PARIS (Reuters) - The European Central Bank’s profits from Greek bonds could be used to help restructure Greece’s debt, Executive Board member Benoit Coeure said, spelling out how the ECB’s funds could play a role in Athens’ debt deal.
ECB President Mario Draghi sketched out the plans last week, but Coeure’s comments are the clearest signal so far of what the Frankfurt-based central bank has in mind.
The ECB has been under increasing political pressure to play a more direct role in helping stabilize Greece’s finances but internal divisions and European rules preventing it from handing money to national governments, have left it with limited leeway.
However, profits made by the ECB are always distributed to the national central banks of the 17 countries that use the euro and they could choose, with national governments, to use the funds to help Greece.
“Should there be a profit (on Greek bonds), like all monetary revenues, it is to be distributed to the (member) states,” Coeure, one of the ECB’s top policymakers, said in an interview with French daily Liberation published on Tuesday.
“They could use it to contribute to the sustainability of Greek debt,” added Coeure, a member of the influential six-man Board, whose members usually reflect the ECB’s house view.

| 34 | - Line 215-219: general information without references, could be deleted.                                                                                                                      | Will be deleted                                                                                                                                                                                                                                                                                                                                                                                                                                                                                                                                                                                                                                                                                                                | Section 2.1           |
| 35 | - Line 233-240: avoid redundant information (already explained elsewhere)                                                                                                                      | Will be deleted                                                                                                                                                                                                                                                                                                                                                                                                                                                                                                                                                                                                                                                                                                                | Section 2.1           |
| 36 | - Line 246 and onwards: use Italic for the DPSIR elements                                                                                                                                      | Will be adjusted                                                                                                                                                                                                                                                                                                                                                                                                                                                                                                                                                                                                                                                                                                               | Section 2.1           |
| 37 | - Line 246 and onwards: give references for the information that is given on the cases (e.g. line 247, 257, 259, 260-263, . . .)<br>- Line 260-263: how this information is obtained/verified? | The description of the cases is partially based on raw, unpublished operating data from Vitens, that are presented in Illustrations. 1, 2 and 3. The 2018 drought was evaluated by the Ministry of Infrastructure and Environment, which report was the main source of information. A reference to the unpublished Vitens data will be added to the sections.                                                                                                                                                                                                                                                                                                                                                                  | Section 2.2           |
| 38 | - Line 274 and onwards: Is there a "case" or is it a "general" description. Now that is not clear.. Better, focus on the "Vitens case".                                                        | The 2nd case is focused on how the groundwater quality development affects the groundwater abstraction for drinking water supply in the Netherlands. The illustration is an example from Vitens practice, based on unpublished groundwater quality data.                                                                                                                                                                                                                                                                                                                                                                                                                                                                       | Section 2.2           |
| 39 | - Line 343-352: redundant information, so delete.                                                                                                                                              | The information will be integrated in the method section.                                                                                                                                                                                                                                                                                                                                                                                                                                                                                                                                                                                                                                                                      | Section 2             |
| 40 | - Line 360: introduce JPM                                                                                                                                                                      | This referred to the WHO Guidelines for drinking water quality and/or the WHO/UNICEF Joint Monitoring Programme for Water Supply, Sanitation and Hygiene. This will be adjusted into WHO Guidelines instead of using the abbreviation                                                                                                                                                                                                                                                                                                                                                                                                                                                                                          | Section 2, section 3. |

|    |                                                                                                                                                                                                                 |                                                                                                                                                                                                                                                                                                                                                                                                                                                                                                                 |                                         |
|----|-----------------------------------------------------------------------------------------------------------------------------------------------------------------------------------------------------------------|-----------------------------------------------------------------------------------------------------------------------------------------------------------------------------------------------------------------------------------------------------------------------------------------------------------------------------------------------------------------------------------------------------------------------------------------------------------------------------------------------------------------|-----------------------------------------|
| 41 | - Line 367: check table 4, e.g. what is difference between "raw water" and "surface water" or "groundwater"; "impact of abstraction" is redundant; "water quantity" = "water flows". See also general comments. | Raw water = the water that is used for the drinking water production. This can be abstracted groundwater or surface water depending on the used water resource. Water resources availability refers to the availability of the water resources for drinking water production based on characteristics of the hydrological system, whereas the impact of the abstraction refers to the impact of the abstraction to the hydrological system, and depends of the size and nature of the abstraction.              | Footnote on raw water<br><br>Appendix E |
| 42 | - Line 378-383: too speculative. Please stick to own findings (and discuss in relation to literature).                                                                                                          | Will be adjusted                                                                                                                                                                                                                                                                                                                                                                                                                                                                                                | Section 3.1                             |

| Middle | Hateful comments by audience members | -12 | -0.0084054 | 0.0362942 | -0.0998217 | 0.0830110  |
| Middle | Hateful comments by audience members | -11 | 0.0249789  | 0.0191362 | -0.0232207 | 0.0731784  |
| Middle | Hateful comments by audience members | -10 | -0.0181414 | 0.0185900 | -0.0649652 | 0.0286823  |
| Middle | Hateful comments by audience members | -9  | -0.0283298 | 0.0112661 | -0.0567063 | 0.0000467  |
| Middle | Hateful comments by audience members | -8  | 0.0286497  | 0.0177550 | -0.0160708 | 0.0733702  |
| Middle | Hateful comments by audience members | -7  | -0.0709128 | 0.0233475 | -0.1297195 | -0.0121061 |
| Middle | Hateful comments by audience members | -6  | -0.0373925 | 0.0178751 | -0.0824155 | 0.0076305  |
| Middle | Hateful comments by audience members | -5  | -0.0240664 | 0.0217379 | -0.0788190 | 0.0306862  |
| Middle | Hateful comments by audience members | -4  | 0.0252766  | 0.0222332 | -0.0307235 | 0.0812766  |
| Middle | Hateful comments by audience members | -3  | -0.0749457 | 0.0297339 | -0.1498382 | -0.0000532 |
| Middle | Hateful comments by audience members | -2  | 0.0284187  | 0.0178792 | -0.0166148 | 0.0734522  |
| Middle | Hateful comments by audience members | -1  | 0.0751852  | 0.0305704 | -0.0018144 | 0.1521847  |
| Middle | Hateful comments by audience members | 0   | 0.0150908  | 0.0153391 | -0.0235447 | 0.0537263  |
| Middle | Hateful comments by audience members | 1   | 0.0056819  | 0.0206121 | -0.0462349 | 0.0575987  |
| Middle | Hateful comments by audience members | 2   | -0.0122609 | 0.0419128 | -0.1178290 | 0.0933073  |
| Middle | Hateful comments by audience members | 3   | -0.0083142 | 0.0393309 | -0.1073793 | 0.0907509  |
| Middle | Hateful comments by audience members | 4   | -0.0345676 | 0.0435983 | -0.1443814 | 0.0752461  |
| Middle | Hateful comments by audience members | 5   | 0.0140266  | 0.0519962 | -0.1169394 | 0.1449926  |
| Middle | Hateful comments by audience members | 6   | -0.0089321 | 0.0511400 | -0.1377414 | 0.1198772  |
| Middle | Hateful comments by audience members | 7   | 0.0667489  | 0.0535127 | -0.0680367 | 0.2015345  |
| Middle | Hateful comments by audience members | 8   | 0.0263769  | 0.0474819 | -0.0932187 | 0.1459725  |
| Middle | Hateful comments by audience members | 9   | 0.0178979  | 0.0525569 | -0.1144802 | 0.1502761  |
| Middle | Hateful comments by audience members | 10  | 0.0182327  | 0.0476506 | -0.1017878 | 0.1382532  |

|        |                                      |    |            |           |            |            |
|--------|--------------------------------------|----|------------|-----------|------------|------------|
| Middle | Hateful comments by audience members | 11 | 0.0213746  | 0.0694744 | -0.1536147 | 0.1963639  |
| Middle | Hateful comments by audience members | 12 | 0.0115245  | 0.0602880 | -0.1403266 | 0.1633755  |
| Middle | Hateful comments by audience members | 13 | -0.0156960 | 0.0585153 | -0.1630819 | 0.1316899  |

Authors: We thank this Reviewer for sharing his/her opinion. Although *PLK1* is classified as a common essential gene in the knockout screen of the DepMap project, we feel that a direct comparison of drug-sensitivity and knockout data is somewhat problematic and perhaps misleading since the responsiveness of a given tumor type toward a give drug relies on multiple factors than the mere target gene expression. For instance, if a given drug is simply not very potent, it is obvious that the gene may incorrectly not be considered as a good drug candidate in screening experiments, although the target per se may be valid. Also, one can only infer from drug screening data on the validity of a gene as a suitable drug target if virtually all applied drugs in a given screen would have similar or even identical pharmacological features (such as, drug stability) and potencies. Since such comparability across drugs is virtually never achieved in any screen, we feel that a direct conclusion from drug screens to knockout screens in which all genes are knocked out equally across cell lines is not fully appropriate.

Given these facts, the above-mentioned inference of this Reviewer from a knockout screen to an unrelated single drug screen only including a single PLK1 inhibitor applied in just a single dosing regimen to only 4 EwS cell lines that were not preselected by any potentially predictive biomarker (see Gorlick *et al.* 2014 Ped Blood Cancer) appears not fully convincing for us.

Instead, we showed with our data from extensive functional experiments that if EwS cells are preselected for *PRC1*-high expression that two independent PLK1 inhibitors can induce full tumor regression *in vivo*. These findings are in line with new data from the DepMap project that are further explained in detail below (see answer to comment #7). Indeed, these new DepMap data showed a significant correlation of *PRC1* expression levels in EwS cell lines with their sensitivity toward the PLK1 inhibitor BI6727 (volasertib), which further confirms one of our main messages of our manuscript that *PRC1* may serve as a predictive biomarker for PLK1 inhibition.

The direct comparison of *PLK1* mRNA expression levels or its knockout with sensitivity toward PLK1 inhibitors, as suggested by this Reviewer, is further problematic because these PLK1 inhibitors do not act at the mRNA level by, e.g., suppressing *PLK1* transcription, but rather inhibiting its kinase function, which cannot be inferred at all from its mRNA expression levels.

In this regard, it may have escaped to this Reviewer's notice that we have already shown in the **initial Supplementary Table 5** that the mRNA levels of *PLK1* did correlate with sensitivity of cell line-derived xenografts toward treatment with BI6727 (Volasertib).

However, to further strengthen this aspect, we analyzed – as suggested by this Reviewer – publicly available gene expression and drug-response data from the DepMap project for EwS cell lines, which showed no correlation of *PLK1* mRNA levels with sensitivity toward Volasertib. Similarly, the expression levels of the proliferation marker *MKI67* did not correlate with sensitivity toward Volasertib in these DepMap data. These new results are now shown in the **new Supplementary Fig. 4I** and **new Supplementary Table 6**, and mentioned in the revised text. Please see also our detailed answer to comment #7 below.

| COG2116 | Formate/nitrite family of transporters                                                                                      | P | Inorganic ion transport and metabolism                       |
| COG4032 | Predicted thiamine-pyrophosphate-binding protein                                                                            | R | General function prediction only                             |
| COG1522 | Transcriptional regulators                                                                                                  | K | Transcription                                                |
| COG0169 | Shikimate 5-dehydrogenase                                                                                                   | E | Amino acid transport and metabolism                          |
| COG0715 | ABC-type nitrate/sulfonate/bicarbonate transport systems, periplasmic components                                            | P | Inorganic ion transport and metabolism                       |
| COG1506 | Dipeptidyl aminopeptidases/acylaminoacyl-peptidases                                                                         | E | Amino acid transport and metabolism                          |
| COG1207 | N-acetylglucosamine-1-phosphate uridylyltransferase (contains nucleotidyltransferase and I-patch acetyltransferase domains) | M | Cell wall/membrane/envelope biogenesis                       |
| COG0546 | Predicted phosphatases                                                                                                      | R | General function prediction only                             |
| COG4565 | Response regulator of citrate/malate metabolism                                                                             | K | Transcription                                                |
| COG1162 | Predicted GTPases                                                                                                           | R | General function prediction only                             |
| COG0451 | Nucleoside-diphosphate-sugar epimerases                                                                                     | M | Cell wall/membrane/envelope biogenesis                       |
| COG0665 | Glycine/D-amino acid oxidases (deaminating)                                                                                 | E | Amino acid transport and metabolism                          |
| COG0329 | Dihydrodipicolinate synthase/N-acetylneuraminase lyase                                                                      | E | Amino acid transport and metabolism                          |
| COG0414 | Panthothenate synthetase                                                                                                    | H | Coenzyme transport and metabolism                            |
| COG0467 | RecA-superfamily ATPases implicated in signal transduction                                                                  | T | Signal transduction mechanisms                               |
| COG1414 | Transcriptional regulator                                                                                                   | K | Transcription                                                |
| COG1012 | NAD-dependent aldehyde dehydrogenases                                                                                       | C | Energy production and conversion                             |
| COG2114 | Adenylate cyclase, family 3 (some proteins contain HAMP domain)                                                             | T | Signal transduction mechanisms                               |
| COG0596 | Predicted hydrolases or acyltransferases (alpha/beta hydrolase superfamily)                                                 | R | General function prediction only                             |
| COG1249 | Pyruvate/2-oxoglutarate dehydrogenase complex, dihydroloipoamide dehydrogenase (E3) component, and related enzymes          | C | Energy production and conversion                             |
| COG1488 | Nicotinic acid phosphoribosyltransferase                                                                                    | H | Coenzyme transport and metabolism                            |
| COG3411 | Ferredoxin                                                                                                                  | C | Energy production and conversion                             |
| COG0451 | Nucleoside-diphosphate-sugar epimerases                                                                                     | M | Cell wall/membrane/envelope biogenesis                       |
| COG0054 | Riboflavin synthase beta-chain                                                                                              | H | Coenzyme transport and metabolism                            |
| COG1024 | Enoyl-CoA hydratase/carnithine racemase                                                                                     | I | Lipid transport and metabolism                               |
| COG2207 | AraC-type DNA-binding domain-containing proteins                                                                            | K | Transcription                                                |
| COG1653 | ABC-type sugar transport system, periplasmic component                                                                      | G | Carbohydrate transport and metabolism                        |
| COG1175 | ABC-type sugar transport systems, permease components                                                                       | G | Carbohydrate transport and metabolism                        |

According to euro zone sources, the bank owns roughly 50 billion euros worth of Greek bonds as a result of a controversial emergency support program started in May 2010.
It bought the bonds at a discount, however, paying just under 40 billion euros. It means it is sitting on a paper profit of 10-15 billion euros, money which could be directed back to Greece fairly easily.
The process of sending the ECB profits back to Athens would likely be fairly smooth unless Greece’s deal with its private creditors falls apart at the last moment and Athens needed to force losses upon them.
That would put the ECB in the tricky position. It is the largest single holder of Greek debt and not joining the debt cut deal with private banks would create the impression it receives preferential treatment over normal bond market investors.
On the flip side taking losses would risk being seen as breaking the ECB’s ultimate taboo of financing governments.
“The Eurosystem has built up a portfolio of Greek bonds since May 2010 in order to restore the good functioning of the capital markets in Greece and so that monetary policy is correctly transmitted to the Greek economy,” Coeure added.
“It’s not an investment portfolio but a portfolio constituted within the monetary policy framework. For this reason, it’s out of the question that it is used within the parameters of the private sector.”
Reporting by Leigh Thomas and Daniel Flynn; writing by Marc Jones; editing by Anna Willard